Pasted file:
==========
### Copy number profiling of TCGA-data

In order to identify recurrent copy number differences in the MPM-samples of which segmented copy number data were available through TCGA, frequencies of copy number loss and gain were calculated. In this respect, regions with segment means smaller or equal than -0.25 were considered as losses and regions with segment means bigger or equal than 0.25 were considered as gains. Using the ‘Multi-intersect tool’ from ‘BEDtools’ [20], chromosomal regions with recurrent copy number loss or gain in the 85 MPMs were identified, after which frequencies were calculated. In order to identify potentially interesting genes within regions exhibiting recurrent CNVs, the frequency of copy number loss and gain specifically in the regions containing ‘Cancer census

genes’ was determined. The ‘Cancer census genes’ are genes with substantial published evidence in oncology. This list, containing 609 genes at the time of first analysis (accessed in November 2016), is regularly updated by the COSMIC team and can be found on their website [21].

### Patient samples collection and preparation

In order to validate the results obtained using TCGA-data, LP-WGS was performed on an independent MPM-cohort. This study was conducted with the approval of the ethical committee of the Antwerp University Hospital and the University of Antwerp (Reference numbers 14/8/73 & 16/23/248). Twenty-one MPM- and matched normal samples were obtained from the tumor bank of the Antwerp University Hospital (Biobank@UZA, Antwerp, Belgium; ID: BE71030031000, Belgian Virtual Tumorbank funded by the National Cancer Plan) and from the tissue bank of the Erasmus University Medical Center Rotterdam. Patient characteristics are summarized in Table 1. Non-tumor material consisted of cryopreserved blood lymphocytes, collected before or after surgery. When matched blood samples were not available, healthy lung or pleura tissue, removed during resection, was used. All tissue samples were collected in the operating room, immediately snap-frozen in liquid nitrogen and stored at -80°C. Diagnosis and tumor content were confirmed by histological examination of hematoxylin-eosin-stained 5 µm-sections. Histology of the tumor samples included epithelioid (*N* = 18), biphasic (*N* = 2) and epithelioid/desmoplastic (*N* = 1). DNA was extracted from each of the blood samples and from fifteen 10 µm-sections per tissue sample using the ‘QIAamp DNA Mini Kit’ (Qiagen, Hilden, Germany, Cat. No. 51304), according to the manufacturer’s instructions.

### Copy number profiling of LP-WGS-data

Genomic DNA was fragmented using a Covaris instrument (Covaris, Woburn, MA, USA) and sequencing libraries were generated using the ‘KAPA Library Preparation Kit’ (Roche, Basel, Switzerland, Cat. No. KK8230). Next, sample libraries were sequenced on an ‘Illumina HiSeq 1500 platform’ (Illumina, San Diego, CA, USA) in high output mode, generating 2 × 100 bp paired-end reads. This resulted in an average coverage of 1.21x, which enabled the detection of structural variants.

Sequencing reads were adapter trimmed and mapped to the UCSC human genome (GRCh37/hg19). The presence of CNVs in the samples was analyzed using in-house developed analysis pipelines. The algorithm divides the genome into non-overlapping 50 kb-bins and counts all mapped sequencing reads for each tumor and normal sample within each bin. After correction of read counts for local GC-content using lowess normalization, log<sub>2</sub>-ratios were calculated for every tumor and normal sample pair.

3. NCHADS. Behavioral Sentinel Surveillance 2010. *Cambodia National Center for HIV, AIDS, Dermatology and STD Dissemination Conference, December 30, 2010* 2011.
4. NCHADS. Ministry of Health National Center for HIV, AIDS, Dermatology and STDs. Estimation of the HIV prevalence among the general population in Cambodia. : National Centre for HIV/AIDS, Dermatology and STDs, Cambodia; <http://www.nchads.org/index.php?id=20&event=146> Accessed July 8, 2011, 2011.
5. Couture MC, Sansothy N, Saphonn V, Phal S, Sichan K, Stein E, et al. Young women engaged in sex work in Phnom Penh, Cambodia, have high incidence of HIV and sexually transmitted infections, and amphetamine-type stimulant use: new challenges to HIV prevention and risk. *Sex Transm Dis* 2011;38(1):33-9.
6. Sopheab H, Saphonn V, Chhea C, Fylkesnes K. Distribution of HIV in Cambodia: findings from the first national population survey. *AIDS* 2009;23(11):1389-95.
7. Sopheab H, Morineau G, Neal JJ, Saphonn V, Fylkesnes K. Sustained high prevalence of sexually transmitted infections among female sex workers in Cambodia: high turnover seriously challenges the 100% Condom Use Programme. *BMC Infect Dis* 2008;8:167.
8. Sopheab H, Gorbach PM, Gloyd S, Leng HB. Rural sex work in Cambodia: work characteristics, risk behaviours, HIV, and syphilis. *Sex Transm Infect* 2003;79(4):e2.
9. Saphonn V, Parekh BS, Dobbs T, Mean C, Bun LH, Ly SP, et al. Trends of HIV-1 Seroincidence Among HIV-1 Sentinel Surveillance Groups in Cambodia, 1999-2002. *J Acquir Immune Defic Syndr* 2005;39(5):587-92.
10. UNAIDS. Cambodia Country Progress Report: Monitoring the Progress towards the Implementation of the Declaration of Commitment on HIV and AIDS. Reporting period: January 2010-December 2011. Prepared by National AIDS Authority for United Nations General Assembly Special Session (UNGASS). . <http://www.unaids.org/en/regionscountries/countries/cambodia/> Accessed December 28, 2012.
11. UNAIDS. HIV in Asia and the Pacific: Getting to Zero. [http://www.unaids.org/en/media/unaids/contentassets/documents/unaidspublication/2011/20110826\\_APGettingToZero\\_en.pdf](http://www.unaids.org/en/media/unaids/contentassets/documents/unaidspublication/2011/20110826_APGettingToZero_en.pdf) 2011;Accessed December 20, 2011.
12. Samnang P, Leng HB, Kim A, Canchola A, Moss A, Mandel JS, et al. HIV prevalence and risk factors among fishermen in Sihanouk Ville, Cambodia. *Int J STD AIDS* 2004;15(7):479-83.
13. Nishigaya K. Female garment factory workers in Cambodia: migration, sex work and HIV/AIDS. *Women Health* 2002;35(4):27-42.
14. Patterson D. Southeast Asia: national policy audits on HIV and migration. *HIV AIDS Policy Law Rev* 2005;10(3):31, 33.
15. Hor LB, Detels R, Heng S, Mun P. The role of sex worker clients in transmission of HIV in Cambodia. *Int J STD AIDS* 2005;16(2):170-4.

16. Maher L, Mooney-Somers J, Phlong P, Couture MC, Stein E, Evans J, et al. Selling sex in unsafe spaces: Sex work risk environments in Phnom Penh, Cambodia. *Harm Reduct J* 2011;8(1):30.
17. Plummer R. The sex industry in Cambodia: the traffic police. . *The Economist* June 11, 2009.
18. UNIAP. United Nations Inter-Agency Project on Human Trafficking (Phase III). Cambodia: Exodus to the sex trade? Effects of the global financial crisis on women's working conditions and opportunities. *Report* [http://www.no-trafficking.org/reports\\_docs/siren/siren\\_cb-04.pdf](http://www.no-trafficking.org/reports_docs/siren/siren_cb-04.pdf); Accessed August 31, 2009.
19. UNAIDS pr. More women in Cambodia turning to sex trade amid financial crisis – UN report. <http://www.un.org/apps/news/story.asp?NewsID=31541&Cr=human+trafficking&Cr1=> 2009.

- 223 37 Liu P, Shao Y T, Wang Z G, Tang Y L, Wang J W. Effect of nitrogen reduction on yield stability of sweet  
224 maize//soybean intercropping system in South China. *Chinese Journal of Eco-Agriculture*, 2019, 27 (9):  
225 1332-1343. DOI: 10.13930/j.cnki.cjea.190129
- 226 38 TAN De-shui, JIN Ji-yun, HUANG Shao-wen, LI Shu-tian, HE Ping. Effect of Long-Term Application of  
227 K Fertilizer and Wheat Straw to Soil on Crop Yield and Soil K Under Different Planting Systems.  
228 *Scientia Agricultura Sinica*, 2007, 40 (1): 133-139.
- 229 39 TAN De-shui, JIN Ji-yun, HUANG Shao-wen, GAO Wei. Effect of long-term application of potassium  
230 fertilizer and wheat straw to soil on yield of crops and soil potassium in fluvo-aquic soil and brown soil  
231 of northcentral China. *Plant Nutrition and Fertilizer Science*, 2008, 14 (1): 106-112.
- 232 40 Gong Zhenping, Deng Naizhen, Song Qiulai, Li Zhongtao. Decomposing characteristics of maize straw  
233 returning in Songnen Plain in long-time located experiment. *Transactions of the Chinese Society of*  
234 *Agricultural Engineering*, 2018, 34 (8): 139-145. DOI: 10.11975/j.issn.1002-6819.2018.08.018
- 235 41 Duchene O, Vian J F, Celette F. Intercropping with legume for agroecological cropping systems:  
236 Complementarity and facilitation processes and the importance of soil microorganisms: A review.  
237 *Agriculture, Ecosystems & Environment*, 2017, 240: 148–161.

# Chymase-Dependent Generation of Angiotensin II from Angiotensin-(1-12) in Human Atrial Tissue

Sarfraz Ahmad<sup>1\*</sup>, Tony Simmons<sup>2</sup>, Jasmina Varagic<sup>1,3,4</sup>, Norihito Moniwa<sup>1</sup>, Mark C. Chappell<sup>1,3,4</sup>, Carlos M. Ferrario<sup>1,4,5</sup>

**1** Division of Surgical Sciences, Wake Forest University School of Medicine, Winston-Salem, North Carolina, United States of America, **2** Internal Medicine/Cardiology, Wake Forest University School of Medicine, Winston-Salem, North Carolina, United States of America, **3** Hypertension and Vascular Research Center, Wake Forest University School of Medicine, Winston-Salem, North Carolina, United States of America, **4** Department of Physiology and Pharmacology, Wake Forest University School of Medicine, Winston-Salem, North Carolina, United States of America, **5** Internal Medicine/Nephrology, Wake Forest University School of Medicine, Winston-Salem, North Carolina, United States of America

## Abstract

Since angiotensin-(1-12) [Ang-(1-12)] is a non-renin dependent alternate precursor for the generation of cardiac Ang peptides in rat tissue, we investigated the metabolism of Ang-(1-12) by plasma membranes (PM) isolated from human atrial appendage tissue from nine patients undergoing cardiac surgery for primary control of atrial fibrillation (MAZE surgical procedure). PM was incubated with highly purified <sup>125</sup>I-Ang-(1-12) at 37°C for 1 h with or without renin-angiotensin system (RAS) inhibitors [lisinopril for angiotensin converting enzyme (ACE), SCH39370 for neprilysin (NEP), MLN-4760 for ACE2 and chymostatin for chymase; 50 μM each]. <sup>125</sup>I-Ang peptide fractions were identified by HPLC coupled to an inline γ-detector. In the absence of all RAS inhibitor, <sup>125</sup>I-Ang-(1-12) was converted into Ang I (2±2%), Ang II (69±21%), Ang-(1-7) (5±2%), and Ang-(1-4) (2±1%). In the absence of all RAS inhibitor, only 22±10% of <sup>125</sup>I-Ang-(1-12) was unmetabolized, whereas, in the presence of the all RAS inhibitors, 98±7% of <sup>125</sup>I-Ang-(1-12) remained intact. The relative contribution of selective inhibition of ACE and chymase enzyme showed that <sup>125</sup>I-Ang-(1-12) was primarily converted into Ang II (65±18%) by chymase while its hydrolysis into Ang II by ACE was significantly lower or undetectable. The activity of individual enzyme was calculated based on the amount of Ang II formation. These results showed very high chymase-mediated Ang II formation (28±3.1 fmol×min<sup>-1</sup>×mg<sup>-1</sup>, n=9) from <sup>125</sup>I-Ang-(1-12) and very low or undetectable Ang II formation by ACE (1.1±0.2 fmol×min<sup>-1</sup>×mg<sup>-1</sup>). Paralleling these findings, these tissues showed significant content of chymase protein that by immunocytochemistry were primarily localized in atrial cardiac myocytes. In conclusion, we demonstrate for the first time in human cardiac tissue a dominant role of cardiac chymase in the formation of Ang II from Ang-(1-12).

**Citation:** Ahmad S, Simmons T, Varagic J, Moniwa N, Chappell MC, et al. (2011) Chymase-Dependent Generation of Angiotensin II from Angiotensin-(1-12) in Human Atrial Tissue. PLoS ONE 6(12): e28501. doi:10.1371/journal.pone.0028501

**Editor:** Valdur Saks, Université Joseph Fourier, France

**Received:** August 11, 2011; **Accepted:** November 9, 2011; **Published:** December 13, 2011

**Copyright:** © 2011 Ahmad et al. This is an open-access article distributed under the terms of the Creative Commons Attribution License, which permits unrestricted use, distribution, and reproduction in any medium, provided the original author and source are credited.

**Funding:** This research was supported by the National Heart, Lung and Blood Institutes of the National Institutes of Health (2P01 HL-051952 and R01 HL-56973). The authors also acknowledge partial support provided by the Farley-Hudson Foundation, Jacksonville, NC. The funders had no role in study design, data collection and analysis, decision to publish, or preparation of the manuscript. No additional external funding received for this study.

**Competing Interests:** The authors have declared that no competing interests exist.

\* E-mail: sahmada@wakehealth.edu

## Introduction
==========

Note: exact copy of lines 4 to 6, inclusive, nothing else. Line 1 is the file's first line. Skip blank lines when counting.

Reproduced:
### Patient samples collection and preparation

In order to validate the results obtained using TCGA-data, LP-WGS was performed on an independent MPM-cohort. This study was conducted with the approval of the ethical committee of the Antwerp University Hospital and the University of Antwerp (Reference numbers 14/8/73 & 16/23/248). Twenty-one MPM- and matched normal samples were obtained from the tumor bank of the Antwerp University Hospital (Biobank@UZA, Antwerp, Belgium; ID: BE71030031000, Belgian Virtual Tumorbank funded by the National Cancer Plan) and from the tissue bank of the Erasmus University Medical Center Rotterdam. Patient characteristics are summarized in Table 1. Non-tumor material consisted of cryopreserved blood lymphocytes, collected before or after surgery. When matched blood samples were not available, healthy lung or pleura tissue, removed during resection, was used. All tissue samples were collected in the operating room, immediately snap-frozen in liquid nitrogen and stored at -80°C. Diagnosis and tumor content were confirmed by histological examination of hematoxylin-eosin-stained 5 µm-sections. Histology of the tumor samples included epithelioid (*N* = 18), biphasic (*N* = 2) and epithelioid/desmoplastic (*N* = 1). DNA was extracted from each of the blood samples and from fifteen 10 µm-sections per tissue sample using the ‘QIAamp DNA Mini Kit’ (Qiagen, Hilden, Germany, Cat. No. 51304), according to the manufacturer’s instructions.

### Copy number profiling of LP-WGS-data